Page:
(c) 2019 Justin Bois. With the exception of pasted graphics, where the source is noted, this work is licensed under a Creative Commons Attribution License CC-BY 4.0. All code contained herein is licensed under an MIT license.

This document was prepared at Caltech with financial support from the Donna and Benjamin M. Rosen Bioengineering Center.

*This exercise was generated from a Jupyter notebook. You can download the notebook here.*

Do any of the previous exercises you have not completed and are interested in working on.

At the dawn of the molecular revolution in biology, key experiments by Jacques Monod in which he measured growth curves of bacteria under different conditions exposed some of the mechanisms of regulation of gene expression. Those growth curves were measured in a bulk solution. In this exercise, we will measure bacterial growth starting from *two bacteria*. The movie shows *Bacillus subtilis* constitutively expressing mCherry growing under slow growth conditions. These data were kindly donated by Jin Park from the Elowitz lab at Caltech.

**a)** Load in the series of images contained in the directory `~git/bootcamp/data/bacterial_growth/`

. Be sure that however you store them (a list or tuple or other object) has the frames in the proper order.

**b)** Segment the images to separate bacteria from background. You do not need to segment individual bacteria; this would likely require some more advanced techniques involving edge detection that we haven't covered in bootcamp.

**c)** Show a representative image from the stack (with the segmentation overlayed) of images. Be sure to check out the `README`

file in the directory containing the images to get the interpixel distance.

**d)** If $m$ is the mass of bacteria, which is proportional to the area in the images, then, for exponential growth,

where $r$ is the growth rate. Taking the logarithm of both sides gives

\begin{align} \ln m(t) = \ln m_0 + rt. \end{align}So, the slope of the line on a log-log scale is the growth rate.

With this in mind, plot the bacterial area as a function of time with the area on a log scale. If the plot is linear, the bacteria are performing exponential growth.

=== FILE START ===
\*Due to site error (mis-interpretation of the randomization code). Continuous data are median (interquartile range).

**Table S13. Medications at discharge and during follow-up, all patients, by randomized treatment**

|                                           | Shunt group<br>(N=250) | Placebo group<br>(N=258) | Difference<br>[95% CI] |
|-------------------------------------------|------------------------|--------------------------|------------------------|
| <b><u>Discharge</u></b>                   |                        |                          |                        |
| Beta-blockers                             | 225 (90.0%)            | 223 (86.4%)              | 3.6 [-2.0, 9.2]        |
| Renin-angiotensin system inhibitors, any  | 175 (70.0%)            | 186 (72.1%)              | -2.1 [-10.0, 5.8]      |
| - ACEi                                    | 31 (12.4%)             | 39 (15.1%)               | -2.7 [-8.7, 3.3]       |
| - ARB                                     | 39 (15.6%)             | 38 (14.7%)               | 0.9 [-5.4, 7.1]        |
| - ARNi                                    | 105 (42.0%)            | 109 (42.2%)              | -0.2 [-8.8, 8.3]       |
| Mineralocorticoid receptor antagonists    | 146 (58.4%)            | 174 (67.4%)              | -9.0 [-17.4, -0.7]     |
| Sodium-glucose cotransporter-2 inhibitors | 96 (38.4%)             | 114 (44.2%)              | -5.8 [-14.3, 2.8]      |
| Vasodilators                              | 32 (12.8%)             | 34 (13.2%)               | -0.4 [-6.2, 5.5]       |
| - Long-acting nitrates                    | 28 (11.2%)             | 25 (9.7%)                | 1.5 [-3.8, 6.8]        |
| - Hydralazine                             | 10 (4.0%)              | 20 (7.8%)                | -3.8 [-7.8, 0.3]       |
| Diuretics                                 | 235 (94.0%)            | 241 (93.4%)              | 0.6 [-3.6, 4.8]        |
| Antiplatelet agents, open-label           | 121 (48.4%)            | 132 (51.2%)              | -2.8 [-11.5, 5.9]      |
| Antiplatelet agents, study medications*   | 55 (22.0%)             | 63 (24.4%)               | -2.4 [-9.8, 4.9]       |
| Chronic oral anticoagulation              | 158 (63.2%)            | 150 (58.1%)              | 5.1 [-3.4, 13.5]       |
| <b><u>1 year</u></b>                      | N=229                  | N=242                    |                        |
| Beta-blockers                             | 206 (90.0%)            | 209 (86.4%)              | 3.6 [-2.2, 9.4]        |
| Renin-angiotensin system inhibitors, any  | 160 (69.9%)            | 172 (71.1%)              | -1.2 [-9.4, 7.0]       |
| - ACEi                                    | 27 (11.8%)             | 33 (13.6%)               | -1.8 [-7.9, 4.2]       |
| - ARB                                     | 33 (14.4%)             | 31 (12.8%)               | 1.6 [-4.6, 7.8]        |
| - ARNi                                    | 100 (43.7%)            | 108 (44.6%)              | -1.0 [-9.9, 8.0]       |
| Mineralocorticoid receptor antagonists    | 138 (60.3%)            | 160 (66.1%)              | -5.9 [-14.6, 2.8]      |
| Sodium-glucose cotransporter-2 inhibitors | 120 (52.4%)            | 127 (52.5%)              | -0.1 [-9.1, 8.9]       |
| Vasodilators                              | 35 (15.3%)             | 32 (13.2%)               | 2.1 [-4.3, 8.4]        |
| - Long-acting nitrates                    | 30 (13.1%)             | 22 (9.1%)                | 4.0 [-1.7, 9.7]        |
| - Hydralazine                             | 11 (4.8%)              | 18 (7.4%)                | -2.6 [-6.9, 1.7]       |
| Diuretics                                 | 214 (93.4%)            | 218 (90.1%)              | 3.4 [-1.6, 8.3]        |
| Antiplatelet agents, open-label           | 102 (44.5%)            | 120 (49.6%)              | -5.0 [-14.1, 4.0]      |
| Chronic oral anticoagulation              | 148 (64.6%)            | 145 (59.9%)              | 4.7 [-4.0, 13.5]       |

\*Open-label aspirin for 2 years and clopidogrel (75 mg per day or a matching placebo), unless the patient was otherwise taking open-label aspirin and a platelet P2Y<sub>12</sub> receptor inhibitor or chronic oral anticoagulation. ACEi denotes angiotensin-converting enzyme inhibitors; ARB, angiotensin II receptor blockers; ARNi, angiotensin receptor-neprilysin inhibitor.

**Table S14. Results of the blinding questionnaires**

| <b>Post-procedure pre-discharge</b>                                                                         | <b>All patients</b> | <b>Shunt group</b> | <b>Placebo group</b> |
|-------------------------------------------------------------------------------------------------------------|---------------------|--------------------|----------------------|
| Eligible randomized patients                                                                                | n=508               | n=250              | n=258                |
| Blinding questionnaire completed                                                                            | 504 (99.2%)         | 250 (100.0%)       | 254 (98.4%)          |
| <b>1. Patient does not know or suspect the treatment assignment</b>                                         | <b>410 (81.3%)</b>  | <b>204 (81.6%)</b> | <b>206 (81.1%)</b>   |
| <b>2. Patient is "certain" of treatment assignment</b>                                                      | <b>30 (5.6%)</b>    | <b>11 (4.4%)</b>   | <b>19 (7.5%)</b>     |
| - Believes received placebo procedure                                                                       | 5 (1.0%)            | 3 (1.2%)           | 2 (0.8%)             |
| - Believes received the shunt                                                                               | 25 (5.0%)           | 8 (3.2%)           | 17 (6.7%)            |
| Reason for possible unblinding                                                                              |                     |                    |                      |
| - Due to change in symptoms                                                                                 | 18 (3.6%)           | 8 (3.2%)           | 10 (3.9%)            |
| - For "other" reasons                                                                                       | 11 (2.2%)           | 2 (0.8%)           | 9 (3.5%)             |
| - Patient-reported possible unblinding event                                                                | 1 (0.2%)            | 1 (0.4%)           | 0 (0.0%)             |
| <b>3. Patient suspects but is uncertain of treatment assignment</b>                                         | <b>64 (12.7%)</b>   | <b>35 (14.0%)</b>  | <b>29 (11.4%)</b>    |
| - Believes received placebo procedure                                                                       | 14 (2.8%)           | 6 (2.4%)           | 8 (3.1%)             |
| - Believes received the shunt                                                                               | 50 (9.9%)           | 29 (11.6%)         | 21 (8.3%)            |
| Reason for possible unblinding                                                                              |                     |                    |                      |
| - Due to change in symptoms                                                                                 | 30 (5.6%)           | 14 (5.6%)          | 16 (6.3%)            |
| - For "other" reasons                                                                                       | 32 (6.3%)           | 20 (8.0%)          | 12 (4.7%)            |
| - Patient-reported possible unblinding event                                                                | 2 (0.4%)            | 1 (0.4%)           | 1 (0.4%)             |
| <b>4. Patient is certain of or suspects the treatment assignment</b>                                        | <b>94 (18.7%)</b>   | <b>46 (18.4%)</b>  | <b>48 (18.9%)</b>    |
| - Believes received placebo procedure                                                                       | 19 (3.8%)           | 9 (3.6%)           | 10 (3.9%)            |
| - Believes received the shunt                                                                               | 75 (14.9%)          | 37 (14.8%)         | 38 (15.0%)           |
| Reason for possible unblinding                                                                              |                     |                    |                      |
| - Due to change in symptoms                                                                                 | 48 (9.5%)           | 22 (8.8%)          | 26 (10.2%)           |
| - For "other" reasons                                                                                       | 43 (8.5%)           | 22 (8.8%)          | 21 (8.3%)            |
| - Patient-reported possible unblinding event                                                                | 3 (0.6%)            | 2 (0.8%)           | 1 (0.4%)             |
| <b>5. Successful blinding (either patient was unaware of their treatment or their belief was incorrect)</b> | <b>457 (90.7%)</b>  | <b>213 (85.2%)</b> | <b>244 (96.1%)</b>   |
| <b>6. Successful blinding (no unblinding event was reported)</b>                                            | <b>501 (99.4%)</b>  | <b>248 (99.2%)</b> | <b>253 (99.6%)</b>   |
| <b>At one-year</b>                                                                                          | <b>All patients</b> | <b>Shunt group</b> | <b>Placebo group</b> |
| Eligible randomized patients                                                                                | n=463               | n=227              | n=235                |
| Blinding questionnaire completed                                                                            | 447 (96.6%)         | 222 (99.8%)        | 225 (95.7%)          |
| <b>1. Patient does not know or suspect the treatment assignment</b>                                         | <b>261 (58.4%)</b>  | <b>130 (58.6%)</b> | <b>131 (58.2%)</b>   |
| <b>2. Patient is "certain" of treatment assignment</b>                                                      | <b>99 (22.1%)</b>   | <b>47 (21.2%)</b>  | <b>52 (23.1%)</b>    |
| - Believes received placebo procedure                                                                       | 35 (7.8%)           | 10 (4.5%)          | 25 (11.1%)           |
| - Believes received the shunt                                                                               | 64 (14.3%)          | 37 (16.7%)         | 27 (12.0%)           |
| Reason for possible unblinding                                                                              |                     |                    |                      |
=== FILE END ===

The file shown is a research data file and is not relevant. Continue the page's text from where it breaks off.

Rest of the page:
**e)** To get the slope of the line, you can use the `np.polyfit()`

function and perform the regression on a semilog scale. Alternatively, you can fit the exponential function directly using `scipy.optimize.curve_fit()`

. Once you find the growth rate (and intercept), plot the theoretical growth curve along with the data.

So far we have seen that in a single (very clean) image, we can get somewhere around 20 - 30 well-separated cells in a single 100$\times$ magnification phase contrast image. However, if you wish to report a mean fluorescence intensity for a single strain, you would certainly want more cells to have a good degree of confidence. Using the principles you learned above, your job will be to report a mean fluorescence value for the HG105 *E. coli* strain using **all** of the images located in `data/HG105_images/`

. To do this, you should do the following:

- Get a list of all of the image files in
`data/HG105_images/`

.- Separate them by phase contrast (for segmentation) and FITC (for measurement).
- Iterate through each image file and perform segmentation and fluorescence intensity extraction for each cell. These values should be stored in a NumPy array or Pandas
`DataFrame`

.- Plot an ECDF of all extracted fluorescence intensities and report a mean and standard deviation as well as the number of cells you successfully measured.
- Obtain 95% bootstrap confidence intervals for the mean and standard deviation of the fluorescence intensities.

As a reminder, the interpixel distance of these images is 0.0626 µm per pixel.

In [2]:

```
%load_ext watermark
%watermark -v -p jupyterlab
```